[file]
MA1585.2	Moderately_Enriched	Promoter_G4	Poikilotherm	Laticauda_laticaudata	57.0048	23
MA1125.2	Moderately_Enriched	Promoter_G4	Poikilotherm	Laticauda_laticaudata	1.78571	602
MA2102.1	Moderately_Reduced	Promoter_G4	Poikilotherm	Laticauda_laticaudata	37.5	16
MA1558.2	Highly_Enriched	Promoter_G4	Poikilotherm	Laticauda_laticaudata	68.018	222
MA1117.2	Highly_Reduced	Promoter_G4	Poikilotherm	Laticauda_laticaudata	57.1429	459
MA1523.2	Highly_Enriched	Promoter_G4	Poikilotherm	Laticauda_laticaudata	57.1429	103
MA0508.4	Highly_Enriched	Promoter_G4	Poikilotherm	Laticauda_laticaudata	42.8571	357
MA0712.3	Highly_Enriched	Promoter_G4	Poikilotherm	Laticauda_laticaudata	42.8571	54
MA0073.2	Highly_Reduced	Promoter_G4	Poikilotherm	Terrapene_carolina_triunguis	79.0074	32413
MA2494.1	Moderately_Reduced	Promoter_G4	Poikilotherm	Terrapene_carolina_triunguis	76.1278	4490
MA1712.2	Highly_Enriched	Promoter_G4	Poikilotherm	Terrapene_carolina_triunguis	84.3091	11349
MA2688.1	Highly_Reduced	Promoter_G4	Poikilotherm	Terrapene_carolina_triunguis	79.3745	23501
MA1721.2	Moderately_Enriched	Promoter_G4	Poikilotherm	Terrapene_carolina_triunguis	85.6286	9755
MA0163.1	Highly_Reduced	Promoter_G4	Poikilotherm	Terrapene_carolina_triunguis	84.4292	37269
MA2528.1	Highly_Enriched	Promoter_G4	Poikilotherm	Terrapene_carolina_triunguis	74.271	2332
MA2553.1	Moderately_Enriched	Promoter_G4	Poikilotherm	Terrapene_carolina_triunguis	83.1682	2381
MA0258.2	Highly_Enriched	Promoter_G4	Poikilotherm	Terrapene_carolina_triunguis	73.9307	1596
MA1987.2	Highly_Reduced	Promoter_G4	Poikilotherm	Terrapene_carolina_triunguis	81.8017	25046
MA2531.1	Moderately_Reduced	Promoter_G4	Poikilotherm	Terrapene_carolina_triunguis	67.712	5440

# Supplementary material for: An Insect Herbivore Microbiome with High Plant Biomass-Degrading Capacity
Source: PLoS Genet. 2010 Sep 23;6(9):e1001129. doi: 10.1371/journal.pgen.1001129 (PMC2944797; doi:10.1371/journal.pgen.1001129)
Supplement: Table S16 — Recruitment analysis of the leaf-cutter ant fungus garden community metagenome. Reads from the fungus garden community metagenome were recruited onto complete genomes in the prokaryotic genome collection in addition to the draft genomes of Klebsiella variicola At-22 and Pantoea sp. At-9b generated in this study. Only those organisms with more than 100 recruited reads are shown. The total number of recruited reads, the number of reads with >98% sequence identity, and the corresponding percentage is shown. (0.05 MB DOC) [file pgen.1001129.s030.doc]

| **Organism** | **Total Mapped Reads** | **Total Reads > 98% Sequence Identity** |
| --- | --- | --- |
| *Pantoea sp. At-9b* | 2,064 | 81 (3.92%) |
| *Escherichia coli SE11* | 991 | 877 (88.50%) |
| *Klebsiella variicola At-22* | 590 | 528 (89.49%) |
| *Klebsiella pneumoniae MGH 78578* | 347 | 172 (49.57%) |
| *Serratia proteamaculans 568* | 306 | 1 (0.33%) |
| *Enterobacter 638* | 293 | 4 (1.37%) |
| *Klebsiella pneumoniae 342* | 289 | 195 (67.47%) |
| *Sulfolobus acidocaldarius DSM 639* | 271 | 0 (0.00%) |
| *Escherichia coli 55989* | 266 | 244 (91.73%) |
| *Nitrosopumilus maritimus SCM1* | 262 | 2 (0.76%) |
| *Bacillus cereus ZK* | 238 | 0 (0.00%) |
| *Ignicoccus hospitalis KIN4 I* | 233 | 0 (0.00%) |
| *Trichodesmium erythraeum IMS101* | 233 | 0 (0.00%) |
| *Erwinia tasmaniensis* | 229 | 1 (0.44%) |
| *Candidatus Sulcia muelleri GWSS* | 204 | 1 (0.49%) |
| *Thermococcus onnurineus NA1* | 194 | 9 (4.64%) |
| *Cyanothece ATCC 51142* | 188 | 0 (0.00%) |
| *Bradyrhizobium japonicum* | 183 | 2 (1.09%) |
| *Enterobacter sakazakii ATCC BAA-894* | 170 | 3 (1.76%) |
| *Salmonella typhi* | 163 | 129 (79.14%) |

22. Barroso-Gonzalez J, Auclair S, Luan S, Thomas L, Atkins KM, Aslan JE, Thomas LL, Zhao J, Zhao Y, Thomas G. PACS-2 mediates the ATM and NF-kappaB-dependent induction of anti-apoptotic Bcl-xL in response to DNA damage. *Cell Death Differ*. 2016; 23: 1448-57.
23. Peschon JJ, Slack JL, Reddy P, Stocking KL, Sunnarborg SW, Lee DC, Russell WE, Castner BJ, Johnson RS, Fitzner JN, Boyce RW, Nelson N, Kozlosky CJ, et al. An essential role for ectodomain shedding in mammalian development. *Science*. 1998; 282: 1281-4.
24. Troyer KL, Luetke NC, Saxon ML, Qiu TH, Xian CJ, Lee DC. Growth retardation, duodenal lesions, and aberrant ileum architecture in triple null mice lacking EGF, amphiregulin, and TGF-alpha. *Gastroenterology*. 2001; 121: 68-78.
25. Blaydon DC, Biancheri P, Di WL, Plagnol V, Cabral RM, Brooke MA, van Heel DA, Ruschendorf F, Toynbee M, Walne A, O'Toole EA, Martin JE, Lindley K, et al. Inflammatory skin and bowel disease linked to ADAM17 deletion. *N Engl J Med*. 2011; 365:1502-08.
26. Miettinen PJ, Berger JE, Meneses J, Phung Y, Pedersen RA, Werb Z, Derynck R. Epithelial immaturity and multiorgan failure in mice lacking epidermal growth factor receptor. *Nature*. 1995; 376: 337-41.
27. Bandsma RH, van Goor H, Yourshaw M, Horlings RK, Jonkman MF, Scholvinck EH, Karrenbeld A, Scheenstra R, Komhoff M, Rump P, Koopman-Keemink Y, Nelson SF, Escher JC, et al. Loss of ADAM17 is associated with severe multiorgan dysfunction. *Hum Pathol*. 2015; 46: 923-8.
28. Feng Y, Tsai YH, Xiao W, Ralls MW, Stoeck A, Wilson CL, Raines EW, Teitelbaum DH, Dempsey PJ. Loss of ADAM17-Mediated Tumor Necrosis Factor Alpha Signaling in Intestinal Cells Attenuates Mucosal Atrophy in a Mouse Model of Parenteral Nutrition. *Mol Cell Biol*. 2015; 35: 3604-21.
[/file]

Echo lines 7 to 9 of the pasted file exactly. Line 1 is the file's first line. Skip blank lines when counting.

MA0508.4	Highly_Enriched	Promoter_G4	Poikilotherm	Laticauda_laticaudata	42.8571	357
MA0712.3	Highly_Enriched	Promoter_G4	Poikilotherm	Laticauda_laticaudata	42.8571	54
MA0073.2	Highly_Reduced	Promoter_G4	Poikilotherm	Terrapene_carolina_triunguis	79.0074	32413